MANCHESTER - March Town Meeting is still a way off, but the Manchester Rescue Squad is mulling over whether to begin circulating petitions to get on town warnings to drum up additional public financial support for its services and a new ambulance.

An alternative might be to incorporate that financial assistance directly into town budgets, and the rescue squad's leadership is having discussions with both the Manchester and Dorset Select Board to determine the best approach.

"We're in the process of going to all the towns we support; we've been to Manchester and Dorset and I think we'll have to do a petition for both towns," said Ben Weiss, the president of the rescue squad's board of directors.

The Manchester Rescue Squad provides ambulance and emergency medical services for residents in Manchester, Dorset, Danby, Mt. Tabor and parts of Rupert and Winhall, and responds to more than 1,200 calls per year, according to its website.

Manchester currently provides the squad with $10,000 in direct cash support, but that is scheduled to decline to $5,000 next year and disappear completely the year after. That is part of an agreement the squad struck with the town which allows the squad to lease its facility and space at the town's public safety building rent-free. The town also supplies dispatch services to the squad, and reckons the value of that "in kind" support at roughly $200,000.

The squad would like to see Manchester's direct monetary support rise to about $35,000. It could be built into the town's budget or come about through a successful special article on the warning, placed there through a successful petition drive.

Dorset, meanwhile is currently providing the squad with $18,000 towards its total annual budget of $716,000, but the rescue squad is hoping to see that increase by $17,500, for a grand total of $35,500, in part to assist them with replacing an aging ambulance. The additional support from Manchester would also help towards financing the cost of the replacement ambulance, as well as helping defray other expenses.

Obtaining that new revenue is "critical," said Mike Casey, the rescue squad's chief operating officer.

The rescue squad currently operates three ambulances, and the oldest one has logged more than 160,000 miles on it, he said.

"We try to replace one every three years," he said. "We're overdue on replacing one but we don't have the funds."

New ambulances don't come cheap - a brand new one can cost around $130,000, just for the ambulance. The equipment that goes inside it is extra, he said.

The squad offsets its costs in several ways: Through support from towns in its coverage area, which accounts for less than 5 percent of its total budget, as well as a fundraising campaign, which netted about $70,000 last year. It also offers a subscription service for transportation to area hospitals. For $95 per year, individuals can ensure that an ambulance will transport them to a hospital as often as needed over a 12 month period without additional charge. That accounts for about $75,000 in revenue over a year, Weiss said.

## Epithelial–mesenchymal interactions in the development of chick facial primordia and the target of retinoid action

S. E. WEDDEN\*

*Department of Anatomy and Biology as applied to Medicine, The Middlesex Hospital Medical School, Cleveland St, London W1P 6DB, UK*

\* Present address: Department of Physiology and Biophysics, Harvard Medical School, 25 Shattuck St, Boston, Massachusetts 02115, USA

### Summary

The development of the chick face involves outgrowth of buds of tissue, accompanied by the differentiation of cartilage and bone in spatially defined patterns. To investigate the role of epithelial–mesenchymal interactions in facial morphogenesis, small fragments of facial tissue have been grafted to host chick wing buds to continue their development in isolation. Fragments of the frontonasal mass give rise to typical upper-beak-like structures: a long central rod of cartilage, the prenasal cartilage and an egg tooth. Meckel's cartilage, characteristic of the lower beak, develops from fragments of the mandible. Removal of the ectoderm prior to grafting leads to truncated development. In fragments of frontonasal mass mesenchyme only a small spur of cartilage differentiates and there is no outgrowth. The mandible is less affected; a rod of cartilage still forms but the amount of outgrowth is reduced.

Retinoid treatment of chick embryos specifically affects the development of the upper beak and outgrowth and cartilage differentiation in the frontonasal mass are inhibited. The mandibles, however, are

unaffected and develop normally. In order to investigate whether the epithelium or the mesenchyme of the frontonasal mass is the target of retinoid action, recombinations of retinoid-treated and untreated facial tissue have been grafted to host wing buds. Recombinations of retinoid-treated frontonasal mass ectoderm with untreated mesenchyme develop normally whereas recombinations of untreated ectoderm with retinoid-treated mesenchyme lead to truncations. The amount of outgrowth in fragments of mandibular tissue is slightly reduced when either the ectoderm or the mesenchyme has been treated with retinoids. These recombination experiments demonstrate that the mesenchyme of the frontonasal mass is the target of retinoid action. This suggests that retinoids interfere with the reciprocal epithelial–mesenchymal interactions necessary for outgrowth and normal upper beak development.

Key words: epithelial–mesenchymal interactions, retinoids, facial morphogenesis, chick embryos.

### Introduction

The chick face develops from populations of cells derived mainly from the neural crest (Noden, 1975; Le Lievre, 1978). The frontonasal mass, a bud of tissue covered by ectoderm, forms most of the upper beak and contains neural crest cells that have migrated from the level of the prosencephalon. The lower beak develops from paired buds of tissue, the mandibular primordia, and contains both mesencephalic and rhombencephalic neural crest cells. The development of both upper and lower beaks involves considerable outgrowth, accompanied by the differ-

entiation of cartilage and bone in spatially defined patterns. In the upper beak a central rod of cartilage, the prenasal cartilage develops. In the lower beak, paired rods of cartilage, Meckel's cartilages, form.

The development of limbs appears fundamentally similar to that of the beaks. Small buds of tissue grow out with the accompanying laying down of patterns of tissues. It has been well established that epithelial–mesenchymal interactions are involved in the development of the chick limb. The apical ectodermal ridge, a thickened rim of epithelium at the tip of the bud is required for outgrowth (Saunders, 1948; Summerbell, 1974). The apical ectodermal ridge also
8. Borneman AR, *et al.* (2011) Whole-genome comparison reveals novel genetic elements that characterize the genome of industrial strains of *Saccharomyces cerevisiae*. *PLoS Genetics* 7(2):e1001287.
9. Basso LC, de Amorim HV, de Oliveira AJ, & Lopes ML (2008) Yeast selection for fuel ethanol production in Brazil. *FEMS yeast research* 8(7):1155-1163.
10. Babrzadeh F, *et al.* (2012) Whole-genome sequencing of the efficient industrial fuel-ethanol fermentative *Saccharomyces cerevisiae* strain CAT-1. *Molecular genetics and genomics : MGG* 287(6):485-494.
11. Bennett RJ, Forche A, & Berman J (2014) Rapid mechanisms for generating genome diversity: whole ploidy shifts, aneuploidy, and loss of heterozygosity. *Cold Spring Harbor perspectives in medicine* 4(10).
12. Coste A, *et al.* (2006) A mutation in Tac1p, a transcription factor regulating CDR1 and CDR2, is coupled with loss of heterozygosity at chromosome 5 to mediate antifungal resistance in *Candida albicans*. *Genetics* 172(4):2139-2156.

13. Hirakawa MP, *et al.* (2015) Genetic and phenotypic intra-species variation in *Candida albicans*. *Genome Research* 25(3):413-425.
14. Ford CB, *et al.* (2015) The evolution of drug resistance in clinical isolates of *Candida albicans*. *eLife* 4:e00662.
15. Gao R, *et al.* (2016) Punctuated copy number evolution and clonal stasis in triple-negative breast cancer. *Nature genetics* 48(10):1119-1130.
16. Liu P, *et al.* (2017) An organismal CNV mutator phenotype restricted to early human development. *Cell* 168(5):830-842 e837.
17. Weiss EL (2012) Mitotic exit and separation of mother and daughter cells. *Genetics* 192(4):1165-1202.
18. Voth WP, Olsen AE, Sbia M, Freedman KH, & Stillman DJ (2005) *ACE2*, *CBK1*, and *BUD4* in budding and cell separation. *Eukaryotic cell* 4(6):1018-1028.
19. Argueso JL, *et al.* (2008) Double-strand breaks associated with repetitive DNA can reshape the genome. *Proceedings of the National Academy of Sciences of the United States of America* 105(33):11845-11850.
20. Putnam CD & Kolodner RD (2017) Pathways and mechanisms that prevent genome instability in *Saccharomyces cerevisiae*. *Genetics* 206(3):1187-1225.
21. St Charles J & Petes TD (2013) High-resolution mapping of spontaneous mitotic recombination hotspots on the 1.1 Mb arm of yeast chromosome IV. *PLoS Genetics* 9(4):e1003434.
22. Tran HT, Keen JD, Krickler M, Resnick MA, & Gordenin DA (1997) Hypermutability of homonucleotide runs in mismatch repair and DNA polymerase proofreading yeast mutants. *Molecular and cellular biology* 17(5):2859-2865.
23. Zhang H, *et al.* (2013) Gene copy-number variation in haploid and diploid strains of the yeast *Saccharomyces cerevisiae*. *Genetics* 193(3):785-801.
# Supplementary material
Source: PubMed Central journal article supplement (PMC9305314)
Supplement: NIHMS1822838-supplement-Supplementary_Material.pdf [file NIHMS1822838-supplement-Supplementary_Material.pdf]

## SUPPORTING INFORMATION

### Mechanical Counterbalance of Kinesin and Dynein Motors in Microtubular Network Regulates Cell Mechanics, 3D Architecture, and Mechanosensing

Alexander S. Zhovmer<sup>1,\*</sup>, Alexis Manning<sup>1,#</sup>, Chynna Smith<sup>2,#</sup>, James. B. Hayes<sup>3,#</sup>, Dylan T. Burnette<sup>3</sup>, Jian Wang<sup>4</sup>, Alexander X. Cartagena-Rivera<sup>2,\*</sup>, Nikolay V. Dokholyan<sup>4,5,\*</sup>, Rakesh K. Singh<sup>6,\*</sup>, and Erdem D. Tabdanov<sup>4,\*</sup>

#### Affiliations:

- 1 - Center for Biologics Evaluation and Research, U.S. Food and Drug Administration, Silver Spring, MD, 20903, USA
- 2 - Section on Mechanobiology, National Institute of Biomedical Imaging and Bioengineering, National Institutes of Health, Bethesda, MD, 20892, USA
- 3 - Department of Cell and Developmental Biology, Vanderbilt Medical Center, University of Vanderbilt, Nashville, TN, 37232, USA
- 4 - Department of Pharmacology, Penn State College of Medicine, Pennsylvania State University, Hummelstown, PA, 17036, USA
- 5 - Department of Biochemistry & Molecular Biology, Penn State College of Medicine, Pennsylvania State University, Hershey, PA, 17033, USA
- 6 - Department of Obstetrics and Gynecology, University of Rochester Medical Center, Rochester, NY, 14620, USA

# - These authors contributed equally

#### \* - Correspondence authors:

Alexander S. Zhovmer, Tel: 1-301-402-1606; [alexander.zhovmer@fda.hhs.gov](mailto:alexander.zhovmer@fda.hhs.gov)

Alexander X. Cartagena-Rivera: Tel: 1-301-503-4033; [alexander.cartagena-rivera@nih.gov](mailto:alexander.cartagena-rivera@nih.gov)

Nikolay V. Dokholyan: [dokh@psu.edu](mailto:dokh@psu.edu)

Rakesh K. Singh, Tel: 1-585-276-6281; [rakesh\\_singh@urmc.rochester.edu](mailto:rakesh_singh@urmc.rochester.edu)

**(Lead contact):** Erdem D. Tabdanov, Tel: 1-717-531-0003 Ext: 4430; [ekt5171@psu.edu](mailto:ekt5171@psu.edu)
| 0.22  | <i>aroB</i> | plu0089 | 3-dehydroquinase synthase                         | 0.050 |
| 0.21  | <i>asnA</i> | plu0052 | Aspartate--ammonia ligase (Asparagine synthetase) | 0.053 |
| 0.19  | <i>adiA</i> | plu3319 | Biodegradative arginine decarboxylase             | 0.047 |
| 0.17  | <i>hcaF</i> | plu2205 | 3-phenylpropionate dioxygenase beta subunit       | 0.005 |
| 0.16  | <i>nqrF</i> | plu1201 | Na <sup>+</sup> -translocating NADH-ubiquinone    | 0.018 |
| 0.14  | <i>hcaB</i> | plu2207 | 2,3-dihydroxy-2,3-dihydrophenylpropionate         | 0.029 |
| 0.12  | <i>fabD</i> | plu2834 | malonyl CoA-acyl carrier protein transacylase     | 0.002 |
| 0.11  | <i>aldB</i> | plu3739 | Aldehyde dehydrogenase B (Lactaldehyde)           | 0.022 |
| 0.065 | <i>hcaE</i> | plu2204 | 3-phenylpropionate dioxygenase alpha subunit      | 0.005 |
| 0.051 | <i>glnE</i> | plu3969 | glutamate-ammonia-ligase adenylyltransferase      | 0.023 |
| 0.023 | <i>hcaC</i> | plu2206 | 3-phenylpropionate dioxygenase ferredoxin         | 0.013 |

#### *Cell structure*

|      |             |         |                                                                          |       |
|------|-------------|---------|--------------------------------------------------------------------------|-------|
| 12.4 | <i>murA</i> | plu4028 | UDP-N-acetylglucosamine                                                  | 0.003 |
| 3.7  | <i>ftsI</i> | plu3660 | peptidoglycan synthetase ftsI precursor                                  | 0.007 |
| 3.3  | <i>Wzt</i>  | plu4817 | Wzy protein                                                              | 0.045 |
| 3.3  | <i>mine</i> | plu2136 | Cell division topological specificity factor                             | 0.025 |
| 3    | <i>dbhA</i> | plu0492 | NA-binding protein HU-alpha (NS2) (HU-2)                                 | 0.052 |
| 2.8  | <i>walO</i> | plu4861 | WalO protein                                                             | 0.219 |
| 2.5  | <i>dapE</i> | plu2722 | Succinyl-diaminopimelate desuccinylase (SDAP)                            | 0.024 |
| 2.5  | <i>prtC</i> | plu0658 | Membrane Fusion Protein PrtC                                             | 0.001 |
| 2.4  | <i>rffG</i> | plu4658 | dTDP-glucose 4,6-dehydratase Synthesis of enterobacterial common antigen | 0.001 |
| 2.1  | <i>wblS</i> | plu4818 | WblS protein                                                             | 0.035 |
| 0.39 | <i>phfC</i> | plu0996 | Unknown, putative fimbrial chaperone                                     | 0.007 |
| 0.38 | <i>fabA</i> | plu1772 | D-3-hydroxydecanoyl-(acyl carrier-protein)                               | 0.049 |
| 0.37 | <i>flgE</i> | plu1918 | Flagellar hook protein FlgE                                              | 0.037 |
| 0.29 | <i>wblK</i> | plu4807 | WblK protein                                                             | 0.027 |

But the bulk of its revenue - approximately $500,000 - comes from its hospital transportation, which typically gets paid through a patient's insurance coverage. Reimbursement for those services, whether from private insurers or Medicare, sometimes lags far behind the services provided, however, and that lag time helped contribute to a roughly $60,000 deficit in last year's budget, Casey said.

While sympathetic to the rescue squad's situation, Manchester Town Manager John O'Keefe said that there were also several other pressing needs the town faced amid competing demands on its tax capacity.

Paving and plowing roads, along with new equipment for the police and fire departments, makes for some complicated budgetary decision-making, he said. "There's a lot of moving pieces," he said. "At this point we're trying to maintain services. We're having to make some pretty tough decisions without including a $35,000 appropriation for the ambulance fund."

The town could opt to build that request directly into its overall budget it will present to voters at March Town Meeting, or it could warn it as a special article that votes would weigh in on separately, which would then be added to the total budget if it passed.

"It's certainly their right to try a petition," he said.

He added he thought the town and rescue squad enjoyed a good working relationship and understood each other's point of view, but that there was only so much townspeople could afford in municipal taxes.

He said the town is still paying off the debt service on the public safety building and that would consume about $120,000 this year and next. A new dispatching console may also be needed soon, which could be more than $200,000. At some point not too far off, the parking area at the public safety building will have to be paved, which could run upwards of $100,000, he said.

The Dorset Select Board has also been approached by the rescue squad for help, and expects to revisit the issue again at their next meeting, said Chris Brooks, the board's chairman.

They will be looking at the same question as their counterparts in Manchester are exploring - whether to make it part of the town budget's or support it as a special warned article, he said.

"One of the things we're trying to do as a select board is make sure everyone is treated the same way," he said.

The select board could add it as a separate article, Brooks said, or the squad could circulate their own petition and obtain the needed signatures. Five percent of the voters on a town's checklist are required for that. Currently in Dorset, there are about 1,650 voters on the checklist, according to the town clerk's office, meaning that about 85 signatures would be required.